The work, A Merry Company along the Banks of the Rimac River was painted in Lima in the late eighteenth century for conspicuous display in an elite home, where it would have served as a visible demonstration of the owner's power and privilege within the Spanish empire, Artdaily reported.
The painting was officially accessioned by the Museum's Board of Trustees on June 21, 2012, acquired with funds from the proceeds of the sale of Vasily Vereshchagin's Crucifixion by the Romans (1887), which was sold last November at auction to benefit the Brooklyn Museum's Acquisitions Fund.
A Merry Company is an unusual glimpse of private life and luxury in colonial Latin America.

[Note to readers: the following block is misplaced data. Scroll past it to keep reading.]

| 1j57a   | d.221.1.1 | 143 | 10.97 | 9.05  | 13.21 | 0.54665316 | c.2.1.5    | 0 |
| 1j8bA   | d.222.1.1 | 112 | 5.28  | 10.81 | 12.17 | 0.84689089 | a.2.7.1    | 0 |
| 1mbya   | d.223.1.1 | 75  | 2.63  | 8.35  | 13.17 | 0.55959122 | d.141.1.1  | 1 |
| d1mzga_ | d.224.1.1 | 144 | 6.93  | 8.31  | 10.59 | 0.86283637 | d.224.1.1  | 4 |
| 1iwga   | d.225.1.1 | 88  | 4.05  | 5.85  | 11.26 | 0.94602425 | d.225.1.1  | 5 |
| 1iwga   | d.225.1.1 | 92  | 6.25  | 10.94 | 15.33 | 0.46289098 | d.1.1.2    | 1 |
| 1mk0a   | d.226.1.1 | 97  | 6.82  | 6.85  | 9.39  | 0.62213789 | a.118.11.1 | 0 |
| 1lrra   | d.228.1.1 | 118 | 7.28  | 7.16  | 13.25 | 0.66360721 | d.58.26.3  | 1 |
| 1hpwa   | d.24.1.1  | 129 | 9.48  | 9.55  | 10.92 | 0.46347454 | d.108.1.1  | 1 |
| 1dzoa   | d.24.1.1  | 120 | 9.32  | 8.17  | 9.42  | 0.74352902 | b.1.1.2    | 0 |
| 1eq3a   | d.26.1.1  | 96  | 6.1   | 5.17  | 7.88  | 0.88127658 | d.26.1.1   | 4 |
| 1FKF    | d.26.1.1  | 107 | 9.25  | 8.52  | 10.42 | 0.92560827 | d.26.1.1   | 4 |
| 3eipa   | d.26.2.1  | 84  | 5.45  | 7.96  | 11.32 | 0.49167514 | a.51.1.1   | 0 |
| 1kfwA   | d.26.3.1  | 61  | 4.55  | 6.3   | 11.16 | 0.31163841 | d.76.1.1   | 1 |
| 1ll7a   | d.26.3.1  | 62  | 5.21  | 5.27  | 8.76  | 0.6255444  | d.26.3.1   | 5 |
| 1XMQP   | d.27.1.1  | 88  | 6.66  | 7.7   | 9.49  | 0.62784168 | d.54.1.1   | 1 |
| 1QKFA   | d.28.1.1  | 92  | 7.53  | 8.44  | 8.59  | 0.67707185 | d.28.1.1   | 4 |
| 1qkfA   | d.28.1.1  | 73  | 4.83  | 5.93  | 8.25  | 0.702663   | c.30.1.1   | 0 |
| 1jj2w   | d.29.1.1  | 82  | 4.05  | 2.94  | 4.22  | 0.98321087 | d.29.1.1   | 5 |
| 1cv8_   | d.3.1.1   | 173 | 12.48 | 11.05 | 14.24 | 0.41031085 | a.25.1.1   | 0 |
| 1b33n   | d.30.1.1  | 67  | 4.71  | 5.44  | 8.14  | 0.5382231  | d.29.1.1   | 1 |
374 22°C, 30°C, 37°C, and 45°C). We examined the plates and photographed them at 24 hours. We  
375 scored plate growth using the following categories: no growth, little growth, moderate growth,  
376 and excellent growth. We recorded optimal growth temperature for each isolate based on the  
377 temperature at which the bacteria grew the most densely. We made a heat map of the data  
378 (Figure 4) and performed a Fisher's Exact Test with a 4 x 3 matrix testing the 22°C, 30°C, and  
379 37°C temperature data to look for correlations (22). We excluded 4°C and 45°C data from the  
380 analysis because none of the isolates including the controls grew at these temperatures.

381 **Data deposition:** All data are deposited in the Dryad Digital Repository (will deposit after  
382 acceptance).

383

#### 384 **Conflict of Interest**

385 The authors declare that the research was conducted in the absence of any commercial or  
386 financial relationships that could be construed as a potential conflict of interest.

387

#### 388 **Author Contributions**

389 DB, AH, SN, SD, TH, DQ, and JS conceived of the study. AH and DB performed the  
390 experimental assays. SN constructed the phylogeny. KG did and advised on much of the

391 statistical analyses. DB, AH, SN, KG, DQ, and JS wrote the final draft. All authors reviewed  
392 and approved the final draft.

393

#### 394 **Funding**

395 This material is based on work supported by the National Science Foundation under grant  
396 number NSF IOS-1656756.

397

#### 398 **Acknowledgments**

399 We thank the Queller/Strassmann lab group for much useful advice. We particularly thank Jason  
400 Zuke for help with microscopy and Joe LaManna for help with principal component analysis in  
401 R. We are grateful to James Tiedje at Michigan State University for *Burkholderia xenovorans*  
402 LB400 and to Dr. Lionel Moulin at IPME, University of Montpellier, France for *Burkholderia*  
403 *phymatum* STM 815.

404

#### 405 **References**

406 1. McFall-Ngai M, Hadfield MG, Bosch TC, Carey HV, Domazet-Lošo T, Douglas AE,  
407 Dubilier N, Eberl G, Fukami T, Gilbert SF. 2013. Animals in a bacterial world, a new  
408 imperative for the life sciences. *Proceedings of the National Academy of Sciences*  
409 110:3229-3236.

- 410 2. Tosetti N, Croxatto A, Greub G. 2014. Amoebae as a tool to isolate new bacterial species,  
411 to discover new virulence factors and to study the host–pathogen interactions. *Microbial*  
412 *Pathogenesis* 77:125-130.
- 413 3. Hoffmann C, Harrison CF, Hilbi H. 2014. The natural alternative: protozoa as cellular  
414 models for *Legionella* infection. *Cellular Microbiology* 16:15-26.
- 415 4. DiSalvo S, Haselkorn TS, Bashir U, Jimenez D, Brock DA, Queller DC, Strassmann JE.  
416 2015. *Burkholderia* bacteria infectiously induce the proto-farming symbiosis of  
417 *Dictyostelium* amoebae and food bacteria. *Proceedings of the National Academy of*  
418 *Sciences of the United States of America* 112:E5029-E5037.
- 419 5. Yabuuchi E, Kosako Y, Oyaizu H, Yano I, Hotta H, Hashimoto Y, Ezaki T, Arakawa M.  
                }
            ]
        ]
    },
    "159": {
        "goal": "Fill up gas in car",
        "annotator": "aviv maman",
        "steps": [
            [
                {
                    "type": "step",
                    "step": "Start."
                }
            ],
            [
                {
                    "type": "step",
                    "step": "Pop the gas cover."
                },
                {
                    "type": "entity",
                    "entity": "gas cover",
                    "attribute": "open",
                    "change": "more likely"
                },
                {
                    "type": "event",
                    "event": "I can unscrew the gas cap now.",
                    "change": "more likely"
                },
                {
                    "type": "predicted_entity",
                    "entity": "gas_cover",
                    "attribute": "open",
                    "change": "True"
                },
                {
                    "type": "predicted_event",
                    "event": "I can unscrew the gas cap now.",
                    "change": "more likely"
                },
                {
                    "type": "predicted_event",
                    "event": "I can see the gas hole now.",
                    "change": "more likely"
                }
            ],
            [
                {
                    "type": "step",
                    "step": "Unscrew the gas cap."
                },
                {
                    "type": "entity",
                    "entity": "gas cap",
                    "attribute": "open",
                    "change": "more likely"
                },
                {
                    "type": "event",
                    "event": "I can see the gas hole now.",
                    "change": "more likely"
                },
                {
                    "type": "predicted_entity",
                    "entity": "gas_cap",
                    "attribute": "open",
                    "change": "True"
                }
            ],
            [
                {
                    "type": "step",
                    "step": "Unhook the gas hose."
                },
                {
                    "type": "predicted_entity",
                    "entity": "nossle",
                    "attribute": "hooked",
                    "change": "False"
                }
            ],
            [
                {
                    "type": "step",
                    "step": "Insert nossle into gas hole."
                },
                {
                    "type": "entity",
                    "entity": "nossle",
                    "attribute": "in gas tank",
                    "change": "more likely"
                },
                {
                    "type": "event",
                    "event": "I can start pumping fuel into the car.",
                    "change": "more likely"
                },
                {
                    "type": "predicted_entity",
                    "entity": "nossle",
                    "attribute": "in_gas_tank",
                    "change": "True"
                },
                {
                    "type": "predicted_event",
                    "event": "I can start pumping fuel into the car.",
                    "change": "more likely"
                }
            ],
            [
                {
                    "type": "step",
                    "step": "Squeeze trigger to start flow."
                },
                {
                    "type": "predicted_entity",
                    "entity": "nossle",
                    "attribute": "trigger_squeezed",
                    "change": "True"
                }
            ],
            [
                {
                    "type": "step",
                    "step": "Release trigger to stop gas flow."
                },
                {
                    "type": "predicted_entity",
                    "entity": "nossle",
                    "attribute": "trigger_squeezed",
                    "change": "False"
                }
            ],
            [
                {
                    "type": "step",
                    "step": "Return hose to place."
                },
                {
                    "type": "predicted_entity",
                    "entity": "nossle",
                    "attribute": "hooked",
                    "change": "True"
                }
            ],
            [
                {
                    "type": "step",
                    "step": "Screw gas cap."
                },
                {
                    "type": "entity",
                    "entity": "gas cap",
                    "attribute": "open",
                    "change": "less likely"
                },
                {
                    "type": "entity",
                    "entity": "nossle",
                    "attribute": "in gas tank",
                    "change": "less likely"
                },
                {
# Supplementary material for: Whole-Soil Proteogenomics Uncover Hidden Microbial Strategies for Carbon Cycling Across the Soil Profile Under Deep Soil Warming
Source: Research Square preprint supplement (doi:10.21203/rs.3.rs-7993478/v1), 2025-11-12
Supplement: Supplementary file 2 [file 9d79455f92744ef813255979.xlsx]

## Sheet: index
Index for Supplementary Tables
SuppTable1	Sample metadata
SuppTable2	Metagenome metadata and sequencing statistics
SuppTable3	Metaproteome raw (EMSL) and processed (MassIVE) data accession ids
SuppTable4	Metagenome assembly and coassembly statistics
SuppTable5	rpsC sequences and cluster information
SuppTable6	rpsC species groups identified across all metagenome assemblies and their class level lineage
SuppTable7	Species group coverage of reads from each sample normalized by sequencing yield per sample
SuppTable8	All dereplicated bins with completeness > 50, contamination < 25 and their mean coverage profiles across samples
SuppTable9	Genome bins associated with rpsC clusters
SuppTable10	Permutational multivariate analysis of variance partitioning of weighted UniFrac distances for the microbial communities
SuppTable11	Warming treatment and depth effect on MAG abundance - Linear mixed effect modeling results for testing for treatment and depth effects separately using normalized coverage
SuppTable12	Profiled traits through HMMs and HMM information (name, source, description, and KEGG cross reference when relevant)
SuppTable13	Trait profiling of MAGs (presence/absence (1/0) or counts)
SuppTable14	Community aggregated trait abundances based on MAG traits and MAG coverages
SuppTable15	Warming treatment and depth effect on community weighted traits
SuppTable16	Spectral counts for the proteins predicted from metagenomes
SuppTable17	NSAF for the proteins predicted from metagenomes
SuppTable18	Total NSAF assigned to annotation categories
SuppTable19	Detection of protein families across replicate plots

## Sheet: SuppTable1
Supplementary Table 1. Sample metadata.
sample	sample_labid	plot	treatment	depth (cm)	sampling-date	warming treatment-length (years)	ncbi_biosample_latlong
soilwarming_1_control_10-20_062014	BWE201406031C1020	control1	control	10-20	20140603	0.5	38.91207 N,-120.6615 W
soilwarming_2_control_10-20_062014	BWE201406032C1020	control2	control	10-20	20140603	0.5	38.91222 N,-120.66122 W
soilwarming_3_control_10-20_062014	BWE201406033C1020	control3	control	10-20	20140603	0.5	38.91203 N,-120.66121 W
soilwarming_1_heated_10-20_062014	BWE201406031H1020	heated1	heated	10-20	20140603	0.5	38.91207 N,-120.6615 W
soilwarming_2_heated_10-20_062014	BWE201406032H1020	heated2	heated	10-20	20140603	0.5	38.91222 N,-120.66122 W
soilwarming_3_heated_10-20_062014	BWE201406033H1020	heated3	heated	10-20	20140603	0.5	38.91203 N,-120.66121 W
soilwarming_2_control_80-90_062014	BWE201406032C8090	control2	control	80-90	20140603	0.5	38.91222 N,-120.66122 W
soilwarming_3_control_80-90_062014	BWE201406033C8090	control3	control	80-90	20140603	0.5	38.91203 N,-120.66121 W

Although the vast majority of surviving Spanish colonial painting is religious in subject matter, colonial inventories reveal several secular paintings such as this one in elite households throughout Spanish America.
On the grounds of a country estate, a multi-racial group of Spaniards, Africans, mestizos, and Native Americans drink, dance, and flirt along the banks of the Rimac River, western Peru's principal waterway.
Brooklyn's new acquisition includes several elite social markers from the colonial period: solid silver decorative art objects, fine clothing, richly dressed servants, elaborate carriages, and expensive real estate.
This extraordinary work will be a highlight of Behind Closed Doors: Power and Privilege in the Spanish American Home, 1492-1898, a major exhibition organized by Richard Aste, Curator of European Art at the Brooklyn Museum, where it will be on view September 20, 2013, through January 12, 2014.